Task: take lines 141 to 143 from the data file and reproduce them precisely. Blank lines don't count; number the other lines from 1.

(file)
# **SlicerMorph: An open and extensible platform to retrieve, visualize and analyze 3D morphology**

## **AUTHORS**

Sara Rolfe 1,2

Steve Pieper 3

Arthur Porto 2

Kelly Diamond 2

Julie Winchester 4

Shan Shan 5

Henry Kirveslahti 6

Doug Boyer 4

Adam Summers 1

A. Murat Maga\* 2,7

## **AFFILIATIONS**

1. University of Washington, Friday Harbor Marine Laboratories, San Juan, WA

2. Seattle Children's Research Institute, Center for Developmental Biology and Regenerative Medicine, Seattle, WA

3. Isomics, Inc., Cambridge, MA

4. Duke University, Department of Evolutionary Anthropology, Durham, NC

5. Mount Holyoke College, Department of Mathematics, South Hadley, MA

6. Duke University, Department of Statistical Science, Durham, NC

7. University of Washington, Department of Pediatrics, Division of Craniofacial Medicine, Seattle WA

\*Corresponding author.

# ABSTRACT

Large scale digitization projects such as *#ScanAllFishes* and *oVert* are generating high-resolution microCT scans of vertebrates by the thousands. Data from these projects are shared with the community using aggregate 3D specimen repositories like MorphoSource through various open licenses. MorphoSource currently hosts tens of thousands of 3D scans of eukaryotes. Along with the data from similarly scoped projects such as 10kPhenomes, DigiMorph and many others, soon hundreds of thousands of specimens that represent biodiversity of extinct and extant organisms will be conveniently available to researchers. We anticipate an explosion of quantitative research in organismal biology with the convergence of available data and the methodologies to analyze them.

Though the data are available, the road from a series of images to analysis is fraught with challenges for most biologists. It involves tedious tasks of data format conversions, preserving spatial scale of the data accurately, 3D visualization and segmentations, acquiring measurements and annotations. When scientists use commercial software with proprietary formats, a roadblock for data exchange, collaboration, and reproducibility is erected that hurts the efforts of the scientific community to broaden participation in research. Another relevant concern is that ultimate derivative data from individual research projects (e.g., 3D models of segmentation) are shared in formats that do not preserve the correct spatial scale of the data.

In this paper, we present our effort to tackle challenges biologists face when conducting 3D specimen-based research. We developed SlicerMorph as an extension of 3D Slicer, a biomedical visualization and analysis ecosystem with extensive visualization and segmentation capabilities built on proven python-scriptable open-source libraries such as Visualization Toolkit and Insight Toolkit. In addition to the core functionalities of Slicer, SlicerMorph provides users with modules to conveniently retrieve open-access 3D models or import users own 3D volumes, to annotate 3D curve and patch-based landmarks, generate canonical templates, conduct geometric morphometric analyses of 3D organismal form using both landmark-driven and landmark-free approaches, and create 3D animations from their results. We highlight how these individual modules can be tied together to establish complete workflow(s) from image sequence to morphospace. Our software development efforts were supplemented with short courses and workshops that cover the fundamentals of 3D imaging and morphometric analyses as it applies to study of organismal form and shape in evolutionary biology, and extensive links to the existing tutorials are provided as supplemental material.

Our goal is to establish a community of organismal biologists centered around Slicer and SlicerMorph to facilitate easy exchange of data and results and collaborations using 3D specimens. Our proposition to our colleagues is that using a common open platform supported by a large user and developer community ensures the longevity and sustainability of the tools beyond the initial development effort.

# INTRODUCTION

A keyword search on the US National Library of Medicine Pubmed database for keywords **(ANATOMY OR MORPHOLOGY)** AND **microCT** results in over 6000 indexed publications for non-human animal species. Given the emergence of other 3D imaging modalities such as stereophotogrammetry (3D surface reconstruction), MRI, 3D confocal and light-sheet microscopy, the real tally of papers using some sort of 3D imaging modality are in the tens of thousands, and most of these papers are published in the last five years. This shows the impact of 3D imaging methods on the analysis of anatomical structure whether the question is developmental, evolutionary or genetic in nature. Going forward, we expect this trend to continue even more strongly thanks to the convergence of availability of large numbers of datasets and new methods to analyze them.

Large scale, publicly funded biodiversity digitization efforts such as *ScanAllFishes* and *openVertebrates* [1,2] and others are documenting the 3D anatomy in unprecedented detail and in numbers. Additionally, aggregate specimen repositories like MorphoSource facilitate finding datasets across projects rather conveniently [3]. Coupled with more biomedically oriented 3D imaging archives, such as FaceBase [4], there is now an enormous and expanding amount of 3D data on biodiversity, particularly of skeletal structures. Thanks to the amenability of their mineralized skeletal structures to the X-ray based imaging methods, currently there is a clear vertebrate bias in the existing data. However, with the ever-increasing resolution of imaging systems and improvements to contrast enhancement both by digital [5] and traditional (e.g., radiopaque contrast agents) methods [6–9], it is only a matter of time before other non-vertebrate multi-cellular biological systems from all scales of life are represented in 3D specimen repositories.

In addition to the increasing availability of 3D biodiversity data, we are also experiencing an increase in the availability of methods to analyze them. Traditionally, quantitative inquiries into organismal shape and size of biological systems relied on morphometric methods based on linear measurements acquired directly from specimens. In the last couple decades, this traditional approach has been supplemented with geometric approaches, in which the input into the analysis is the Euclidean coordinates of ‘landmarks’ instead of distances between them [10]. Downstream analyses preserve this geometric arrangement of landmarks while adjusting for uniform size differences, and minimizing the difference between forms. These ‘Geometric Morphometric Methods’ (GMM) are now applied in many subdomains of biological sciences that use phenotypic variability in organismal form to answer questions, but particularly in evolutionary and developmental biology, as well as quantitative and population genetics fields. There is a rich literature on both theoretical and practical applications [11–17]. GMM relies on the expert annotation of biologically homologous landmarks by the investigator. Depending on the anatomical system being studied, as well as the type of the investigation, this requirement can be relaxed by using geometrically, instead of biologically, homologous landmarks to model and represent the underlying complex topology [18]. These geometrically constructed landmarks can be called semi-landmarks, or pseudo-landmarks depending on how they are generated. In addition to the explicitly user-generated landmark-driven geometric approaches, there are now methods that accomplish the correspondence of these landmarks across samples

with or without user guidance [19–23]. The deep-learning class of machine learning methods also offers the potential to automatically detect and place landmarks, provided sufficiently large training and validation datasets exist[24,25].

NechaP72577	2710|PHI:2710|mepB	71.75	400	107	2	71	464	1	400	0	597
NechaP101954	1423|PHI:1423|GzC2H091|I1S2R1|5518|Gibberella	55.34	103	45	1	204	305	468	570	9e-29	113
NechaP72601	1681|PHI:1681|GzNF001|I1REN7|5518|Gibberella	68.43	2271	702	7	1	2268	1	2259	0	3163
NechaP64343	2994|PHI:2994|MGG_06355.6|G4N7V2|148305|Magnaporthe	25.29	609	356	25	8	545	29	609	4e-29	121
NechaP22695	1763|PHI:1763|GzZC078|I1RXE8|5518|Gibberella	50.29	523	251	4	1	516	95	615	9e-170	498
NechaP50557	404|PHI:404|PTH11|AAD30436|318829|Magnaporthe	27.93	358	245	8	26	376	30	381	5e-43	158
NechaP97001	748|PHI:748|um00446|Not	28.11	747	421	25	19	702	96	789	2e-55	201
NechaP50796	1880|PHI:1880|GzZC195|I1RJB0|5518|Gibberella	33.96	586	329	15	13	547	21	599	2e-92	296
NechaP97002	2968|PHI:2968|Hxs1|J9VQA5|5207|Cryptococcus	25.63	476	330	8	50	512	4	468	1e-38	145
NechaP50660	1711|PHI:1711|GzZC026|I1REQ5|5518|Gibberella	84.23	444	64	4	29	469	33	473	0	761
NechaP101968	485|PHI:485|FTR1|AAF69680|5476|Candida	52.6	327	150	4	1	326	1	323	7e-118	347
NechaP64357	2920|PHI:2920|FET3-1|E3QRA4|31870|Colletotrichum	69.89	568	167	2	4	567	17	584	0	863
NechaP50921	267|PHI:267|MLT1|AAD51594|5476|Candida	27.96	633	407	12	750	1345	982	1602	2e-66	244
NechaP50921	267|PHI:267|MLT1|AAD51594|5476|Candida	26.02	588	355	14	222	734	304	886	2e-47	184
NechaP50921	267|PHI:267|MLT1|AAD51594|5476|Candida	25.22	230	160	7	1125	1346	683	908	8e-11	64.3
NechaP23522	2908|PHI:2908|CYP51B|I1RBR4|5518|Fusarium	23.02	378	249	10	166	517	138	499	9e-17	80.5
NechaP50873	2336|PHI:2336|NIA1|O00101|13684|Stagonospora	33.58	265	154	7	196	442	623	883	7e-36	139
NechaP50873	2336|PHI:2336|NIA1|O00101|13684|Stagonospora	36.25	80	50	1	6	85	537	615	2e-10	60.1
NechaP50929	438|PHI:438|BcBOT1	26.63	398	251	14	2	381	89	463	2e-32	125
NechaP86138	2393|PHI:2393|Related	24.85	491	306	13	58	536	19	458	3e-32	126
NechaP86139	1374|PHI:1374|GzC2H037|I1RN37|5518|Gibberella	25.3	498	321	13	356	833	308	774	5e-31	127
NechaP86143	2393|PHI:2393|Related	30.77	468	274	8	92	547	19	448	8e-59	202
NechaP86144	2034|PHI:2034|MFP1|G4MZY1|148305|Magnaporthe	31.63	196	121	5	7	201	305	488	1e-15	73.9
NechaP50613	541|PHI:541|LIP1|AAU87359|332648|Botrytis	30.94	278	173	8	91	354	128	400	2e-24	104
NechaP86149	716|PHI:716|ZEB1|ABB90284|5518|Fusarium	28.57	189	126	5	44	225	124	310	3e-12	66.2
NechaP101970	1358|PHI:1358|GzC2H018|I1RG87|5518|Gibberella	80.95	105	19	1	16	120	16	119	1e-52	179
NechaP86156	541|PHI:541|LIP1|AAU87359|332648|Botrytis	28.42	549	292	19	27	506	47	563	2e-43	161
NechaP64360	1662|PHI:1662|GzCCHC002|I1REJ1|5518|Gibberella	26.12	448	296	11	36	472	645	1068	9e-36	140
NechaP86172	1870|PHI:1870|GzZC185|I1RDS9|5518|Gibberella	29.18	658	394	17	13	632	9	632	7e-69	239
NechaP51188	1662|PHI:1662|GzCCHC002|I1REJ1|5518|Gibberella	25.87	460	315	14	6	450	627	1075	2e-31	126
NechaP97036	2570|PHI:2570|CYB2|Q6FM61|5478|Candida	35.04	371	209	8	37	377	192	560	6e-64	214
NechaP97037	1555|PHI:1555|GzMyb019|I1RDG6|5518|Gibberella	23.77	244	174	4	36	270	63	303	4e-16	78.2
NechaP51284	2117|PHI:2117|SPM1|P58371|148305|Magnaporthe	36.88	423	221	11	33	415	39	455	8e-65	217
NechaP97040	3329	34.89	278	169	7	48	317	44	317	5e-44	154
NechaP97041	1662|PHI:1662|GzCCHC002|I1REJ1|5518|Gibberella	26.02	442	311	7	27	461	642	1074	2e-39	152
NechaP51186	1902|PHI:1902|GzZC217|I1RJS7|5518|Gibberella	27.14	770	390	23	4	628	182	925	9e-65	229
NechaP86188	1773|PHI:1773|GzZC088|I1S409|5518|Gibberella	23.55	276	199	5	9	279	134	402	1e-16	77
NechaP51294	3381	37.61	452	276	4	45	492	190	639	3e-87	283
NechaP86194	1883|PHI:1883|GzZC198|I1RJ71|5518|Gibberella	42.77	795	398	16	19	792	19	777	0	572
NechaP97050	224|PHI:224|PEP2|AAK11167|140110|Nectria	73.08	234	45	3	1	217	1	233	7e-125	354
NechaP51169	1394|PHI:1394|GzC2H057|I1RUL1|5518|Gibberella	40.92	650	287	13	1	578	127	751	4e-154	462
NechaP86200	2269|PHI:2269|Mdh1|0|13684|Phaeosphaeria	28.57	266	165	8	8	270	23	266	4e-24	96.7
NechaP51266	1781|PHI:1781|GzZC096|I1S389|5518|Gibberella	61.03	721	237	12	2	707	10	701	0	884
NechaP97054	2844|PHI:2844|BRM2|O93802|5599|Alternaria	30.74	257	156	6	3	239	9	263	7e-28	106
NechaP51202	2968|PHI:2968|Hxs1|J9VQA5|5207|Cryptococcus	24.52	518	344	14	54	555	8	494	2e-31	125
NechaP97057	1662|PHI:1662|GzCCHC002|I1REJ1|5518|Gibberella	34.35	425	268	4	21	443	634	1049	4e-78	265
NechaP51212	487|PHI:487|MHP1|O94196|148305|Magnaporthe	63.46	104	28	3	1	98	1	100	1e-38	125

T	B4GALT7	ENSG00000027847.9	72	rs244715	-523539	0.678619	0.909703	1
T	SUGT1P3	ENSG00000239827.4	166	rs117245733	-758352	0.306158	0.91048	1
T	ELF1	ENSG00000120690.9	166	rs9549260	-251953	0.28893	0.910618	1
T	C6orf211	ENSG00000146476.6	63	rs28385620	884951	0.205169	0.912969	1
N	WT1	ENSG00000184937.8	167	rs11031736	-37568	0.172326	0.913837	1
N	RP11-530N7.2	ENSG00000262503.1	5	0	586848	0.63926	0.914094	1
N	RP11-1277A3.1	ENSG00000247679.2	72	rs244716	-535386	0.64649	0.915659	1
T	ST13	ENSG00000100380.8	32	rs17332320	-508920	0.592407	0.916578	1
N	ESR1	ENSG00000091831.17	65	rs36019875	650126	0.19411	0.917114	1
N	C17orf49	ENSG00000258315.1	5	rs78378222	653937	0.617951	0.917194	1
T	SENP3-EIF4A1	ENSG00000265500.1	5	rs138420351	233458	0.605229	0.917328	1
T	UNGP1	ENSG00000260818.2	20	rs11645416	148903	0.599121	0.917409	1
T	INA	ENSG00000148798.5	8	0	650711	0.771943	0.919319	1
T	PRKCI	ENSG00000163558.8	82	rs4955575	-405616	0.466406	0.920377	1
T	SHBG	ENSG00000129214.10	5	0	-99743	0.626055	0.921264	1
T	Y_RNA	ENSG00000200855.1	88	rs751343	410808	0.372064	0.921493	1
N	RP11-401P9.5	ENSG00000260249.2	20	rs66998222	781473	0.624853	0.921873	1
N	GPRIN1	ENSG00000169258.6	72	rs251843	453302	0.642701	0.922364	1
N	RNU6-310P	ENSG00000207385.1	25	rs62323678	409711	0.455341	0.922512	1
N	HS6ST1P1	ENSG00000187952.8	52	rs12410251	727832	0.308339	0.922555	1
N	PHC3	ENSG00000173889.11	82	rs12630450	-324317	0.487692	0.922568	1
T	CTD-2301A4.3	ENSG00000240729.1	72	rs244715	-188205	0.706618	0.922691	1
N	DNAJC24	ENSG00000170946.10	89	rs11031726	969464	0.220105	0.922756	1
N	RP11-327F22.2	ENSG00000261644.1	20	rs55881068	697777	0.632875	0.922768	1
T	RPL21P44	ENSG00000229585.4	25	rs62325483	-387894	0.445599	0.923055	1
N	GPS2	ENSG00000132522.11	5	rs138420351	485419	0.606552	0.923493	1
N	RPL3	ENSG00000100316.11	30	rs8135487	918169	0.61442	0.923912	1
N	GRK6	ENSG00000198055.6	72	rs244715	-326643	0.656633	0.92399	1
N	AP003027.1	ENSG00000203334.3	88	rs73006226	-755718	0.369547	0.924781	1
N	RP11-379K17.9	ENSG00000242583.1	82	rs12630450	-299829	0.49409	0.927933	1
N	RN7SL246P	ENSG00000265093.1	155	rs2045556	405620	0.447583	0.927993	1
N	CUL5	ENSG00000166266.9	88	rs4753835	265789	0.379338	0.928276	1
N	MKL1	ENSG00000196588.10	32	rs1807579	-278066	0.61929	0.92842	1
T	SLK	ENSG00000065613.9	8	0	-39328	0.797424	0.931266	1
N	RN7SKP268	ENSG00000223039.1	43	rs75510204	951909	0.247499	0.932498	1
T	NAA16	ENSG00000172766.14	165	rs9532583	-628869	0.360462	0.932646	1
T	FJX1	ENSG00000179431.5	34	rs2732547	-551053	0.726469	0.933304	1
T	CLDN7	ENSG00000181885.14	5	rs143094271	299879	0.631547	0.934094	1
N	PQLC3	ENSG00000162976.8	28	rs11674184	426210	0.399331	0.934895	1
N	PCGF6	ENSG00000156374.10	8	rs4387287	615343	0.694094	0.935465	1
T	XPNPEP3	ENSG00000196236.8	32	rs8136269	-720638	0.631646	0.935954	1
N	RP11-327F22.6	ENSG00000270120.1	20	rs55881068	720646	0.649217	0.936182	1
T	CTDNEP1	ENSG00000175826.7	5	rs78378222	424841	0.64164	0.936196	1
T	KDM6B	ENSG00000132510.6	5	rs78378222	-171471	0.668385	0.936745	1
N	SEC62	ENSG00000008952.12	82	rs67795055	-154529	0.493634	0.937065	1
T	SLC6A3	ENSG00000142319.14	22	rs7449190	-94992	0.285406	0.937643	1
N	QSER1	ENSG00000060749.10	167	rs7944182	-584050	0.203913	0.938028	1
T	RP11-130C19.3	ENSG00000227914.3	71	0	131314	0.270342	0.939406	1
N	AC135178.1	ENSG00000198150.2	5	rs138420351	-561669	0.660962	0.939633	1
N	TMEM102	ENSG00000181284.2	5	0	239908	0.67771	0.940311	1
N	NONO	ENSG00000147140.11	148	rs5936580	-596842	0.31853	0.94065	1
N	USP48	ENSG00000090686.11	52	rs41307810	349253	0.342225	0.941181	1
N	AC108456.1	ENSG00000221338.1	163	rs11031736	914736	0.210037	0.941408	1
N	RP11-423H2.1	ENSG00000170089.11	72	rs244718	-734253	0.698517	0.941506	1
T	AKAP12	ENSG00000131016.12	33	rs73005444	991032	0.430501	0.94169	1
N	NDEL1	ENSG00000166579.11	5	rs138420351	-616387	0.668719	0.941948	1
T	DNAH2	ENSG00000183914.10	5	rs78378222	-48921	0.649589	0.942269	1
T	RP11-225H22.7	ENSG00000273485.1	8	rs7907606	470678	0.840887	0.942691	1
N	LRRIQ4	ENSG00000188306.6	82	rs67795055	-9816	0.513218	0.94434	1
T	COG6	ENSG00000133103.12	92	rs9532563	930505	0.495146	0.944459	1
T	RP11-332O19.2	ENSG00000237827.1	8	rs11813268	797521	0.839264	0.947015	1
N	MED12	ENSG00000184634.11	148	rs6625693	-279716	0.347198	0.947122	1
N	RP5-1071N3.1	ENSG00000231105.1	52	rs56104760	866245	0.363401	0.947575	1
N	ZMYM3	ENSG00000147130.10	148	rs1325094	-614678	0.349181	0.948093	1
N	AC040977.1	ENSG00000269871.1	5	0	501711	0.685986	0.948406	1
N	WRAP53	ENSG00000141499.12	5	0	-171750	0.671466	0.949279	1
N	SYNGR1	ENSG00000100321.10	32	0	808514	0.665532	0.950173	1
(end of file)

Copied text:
N	RP5-1071N3.1	ENSG00000231105.1	52	rs56104760	866245	0.363401	0.947575	1
N	ZMYM3	ENSG00000147130.10	148	rs1325094	-614678	0.349181	0.948093	1
N	AC040977.1	ENSG00000269871.1	5	0	501711	0.685986	0.948406	1